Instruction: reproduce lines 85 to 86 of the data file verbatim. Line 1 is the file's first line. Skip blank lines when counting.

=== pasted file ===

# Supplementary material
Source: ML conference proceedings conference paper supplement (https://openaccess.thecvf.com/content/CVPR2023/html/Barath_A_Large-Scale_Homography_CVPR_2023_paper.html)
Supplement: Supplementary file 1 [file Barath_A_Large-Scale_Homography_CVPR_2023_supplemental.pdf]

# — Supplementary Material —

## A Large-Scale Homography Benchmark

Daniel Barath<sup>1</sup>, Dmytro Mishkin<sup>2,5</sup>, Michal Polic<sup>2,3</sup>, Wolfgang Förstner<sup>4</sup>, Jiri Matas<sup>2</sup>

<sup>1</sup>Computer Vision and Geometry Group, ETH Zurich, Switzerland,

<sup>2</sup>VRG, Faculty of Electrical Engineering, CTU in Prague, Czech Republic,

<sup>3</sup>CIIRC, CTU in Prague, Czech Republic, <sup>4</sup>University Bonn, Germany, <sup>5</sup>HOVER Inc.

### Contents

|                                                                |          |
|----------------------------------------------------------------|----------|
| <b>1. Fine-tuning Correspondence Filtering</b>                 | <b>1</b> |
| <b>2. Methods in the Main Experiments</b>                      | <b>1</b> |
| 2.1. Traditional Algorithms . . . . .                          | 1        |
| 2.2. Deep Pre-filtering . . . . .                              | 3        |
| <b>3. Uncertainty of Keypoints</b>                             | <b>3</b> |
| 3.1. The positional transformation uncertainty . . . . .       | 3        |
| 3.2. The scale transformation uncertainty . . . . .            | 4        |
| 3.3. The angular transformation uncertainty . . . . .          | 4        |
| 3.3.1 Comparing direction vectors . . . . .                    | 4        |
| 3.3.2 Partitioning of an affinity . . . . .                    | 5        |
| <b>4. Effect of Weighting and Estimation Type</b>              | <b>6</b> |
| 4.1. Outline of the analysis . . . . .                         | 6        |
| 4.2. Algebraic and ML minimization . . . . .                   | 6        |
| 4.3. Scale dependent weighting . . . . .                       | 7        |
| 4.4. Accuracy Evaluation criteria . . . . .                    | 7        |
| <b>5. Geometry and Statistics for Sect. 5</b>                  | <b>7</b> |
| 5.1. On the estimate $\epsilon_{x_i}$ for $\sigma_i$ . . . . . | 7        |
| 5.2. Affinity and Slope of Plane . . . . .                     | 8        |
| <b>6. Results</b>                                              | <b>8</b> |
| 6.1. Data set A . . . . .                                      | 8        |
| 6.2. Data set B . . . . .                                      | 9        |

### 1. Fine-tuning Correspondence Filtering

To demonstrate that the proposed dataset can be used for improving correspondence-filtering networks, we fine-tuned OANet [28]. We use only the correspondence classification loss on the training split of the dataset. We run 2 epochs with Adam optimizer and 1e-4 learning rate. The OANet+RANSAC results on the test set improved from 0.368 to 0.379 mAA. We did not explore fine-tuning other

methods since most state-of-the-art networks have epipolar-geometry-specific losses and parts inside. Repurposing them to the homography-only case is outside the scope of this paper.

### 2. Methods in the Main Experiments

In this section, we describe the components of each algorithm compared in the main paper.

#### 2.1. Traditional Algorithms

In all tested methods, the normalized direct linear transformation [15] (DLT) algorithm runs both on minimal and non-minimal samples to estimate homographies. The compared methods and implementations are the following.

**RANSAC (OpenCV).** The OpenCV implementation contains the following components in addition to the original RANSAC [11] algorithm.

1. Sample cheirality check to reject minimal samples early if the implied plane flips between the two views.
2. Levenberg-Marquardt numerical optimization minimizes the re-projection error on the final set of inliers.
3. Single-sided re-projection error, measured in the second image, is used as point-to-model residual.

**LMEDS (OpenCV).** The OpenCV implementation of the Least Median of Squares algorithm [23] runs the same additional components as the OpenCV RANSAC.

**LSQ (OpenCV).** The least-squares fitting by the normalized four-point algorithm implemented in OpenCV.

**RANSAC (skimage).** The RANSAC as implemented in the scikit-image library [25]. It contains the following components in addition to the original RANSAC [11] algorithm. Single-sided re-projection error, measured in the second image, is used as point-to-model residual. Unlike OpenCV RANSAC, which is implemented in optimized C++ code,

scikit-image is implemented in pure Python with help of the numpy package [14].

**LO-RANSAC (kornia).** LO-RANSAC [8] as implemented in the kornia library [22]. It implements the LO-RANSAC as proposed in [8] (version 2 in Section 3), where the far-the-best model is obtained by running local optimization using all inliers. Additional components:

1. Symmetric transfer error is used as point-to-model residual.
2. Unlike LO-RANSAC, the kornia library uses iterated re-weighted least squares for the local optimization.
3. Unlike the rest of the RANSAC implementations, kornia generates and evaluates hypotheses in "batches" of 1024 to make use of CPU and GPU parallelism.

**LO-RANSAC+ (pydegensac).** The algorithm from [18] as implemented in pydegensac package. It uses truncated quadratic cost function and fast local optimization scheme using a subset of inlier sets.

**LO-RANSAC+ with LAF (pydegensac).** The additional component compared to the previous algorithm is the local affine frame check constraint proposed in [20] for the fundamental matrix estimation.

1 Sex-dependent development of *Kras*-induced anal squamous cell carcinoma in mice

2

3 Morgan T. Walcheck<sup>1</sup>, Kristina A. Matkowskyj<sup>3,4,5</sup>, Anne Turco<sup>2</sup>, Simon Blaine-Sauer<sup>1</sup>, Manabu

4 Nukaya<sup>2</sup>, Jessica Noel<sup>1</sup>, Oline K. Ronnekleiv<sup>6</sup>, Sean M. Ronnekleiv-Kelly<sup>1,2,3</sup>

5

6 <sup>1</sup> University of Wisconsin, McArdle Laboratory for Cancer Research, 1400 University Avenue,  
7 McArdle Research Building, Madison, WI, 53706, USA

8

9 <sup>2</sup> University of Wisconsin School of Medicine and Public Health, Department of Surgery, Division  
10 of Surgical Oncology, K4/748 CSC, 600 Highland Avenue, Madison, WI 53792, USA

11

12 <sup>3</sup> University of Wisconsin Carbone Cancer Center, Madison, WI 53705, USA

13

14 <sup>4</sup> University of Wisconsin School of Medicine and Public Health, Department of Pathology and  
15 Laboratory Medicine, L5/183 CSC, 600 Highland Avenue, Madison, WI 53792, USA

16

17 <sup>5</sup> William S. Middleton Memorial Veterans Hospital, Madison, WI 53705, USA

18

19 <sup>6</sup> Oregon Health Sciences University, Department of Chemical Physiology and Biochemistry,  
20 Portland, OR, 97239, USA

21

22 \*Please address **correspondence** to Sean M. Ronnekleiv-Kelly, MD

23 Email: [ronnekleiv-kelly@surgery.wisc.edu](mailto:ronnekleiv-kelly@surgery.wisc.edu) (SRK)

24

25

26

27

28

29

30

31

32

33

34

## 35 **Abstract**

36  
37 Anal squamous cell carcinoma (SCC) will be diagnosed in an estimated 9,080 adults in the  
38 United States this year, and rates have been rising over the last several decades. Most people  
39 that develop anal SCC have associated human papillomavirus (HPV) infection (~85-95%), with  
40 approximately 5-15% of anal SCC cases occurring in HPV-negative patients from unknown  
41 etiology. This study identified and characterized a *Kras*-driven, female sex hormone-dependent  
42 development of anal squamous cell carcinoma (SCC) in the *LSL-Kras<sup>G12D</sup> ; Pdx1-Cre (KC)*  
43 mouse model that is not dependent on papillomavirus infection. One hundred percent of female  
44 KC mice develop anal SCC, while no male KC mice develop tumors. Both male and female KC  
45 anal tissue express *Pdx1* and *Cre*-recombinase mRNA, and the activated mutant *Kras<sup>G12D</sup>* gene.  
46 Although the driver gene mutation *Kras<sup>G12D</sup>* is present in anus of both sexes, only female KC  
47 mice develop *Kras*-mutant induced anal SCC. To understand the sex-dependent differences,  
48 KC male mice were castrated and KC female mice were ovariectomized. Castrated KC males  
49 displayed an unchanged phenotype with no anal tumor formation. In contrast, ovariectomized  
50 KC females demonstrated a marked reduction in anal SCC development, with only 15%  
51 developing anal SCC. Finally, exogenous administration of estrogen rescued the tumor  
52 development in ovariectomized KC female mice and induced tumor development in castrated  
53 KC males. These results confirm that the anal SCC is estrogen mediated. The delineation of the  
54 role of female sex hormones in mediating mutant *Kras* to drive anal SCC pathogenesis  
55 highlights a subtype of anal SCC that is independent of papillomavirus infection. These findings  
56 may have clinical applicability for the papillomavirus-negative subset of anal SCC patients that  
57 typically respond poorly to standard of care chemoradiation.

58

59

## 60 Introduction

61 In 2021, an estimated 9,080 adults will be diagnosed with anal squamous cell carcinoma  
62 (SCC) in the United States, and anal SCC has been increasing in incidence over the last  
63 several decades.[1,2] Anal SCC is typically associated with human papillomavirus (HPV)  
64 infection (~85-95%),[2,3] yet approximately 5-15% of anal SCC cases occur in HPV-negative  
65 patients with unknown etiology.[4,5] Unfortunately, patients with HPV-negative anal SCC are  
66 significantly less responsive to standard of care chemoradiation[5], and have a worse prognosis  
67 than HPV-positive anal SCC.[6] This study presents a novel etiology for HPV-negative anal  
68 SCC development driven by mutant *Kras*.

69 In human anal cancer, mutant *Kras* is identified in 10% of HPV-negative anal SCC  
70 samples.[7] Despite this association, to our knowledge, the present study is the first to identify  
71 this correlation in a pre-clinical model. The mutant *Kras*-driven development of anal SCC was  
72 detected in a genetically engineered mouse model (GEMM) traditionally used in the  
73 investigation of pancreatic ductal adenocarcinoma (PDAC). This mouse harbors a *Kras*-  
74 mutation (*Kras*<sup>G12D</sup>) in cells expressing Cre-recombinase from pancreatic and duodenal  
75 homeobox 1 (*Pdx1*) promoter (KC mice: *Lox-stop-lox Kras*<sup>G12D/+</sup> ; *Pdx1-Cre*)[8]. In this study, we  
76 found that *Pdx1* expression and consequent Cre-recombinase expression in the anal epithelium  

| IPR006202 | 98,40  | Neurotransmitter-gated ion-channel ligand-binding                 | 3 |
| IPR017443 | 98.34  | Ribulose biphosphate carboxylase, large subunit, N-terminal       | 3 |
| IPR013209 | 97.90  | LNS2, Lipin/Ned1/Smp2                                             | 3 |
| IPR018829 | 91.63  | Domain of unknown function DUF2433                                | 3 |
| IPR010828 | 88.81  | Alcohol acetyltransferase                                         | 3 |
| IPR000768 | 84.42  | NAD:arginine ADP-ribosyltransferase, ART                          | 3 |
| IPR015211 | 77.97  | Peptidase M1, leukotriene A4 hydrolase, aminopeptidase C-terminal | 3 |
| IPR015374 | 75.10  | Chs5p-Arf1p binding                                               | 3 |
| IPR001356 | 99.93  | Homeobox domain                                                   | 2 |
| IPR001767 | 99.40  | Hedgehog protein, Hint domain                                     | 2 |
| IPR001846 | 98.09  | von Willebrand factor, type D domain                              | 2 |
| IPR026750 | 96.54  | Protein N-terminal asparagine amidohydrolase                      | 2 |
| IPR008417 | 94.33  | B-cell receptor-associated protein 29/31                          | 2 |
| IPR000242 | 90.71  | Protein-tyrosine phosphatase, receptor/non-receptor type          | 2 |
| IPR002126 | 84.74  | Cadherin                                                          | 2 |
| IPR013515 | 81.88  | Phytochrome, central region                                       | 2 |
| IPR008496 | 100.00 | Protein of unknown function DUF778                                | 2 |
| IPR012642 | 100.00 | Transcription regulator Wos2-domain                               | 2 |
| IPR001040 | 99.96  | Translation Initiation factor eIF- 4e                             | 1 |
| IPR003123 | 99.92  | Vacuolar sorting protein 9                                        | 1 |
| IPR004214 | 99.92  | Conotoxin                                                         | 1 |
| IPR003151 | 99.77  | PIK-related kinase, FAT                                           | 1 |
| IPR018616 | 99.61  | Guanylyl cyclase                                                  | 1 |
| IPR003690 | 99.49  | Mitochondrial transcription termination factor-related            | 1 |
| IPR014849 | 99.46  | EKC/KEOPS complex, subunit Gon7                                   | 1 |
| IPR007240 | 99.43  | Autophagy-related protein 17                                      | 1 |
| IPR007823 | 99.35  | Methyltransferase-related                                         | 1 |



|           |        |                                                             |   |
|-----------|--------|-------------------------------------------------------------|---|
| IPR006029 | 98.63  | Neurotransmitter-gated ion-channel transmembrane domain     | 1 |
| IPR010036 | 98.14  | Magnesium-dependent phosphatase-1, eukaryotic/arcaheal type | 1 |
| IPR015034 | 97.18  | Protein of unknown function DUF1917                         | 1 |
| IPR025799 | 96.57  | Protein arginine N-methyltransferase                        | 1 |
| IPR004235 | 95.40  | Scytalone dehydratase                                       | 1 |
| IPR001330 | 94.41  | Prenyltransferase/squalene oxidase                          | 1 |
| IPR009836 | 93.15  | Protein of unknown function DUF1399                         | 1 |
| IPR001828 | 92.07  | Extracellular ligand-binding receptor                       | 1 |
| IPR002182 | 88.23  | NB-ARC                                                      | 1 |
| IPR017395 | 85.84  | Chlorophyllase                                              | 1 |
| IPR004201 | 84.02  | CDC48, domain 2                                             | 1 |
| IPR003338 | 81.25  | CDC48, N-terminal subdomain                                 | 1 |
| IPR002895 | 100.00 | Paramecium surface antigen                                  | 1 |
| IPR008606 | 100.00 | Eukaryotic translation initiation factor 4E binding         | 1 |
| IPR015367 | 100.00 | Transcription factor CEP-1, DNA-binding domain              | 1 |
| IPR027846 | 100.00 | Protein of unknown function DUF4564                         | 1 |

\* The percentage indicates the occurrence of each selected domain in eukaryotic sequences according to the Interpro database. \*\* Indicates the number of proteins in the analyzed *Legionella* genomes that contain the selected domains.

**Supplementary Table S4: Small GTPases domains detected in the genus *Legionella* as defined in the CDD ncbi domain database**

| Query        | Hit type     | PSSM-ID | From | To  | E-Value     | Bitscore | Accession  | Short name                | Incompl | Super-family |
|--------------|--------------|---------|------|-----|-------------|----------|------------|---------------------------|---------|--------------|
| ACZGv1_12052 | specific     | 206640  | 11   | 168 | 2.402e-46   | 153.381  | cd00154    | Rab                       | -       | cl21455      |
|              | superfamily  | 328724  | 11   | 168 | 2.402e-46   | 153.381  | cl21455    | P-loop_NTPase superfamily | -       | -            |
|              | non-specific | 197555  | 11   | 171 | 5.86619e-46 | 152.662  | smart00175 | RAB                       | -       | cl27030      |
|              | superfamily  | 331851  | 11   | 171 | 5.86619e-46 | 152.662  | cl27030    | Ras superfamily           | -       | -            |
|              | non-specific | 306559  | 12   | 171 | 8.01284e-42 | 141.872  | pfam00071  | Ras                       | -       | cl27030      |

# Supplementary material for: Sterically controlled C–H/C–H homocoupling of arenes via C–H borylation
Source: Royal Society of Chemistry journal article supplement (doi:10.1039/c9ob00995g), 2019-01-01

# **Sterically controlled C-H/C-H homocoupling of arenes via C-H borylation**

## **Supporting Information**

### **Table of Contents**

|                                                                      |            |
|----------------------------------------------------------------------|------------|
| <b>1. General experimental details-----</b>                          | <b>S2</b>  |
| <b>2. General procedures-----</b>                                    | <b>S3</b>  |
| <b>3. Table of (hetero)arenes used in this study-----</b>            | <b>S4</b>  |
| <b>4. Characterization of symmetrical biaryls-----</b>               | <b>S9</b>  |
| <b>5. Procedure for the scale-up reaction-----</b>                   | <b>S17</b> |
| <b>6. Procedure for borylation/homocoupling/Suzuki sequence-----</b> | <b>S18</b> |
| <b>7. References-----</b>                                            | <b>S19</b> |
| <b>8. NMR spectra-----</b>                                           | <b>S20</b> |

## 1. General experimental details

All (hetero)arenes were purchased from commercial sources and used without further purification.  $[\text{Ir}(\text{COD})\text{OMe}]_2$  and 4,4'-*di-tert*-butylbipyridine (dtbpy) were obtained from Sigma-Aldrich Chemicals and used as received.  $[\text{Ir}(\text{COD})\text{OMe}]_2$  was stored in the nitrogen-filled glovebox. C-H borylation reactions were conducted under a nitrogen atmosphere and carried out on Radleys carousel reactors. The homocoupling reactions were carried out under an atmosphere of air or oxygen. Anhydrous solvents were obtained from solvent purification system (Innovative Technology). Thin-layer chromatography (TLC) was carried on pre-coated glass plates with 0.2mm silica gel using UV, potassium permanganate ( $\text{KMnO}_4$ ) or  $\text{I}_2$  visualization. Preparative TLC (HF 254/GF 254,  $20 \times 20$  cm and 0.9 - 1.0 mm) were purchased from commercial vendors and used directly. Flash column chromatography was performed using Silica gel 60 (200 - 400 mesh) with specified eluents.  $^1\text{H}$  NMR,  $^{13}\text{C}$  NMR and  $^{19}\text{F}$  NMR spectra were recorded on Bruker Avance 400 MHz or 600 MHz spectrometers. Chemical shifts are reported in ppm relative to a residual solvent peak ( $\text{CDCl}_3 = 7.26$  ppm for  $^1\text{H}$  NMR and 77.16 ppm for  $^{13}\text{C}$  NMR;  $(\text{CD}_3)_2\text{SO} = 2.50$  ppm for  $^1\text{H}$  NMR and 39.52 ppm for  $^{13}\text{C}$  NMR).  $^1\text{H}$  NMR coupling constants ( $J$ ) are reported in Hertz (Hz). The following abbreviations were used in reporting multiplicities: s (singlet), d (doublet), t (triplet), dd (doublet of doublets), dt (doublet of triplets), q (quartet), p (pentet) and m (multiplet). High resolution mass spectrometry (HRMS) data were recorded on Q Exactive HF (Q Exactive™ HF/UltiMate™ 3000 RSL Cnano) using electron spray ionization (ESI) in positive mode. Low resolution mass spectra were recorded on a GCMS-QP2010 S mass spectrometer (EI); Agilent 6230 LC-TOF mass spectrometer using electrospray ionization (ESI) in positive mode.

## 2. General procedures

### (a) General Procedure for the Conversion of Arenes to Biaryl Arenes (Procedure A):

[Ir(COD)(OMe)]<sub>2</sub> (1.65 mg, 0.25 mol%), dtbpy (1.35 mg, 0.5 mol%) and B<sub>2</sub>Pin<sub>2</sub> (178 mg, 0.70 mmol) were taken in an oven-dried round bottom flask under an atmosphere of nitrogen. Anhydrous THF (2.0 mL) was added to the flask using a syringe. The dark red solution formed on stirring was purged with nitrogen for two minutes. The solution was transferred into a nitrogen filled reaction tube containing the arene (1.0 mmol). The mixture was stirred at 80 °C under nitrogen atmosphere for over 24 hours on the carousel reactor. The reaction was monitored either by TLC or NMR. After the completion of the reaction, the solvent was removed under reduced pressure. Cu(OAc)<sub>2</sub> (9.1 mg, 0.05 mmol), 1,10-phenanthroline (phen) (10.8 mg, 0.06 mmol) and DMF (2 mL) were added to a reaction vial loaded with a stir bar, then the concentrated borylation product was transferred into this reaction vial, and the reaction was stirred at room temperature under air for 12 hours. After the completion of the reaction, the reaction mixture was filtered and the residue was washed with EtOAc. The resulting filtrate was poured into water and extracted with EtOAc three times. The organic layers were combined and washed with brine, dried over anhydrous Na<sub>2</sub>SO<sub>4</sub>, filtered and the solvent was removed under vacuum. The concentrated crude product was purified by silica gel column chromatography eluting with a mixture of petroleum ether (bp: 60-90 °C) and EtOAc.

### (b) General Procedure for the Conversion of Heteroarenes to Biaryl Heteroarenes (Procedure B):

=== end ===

31

32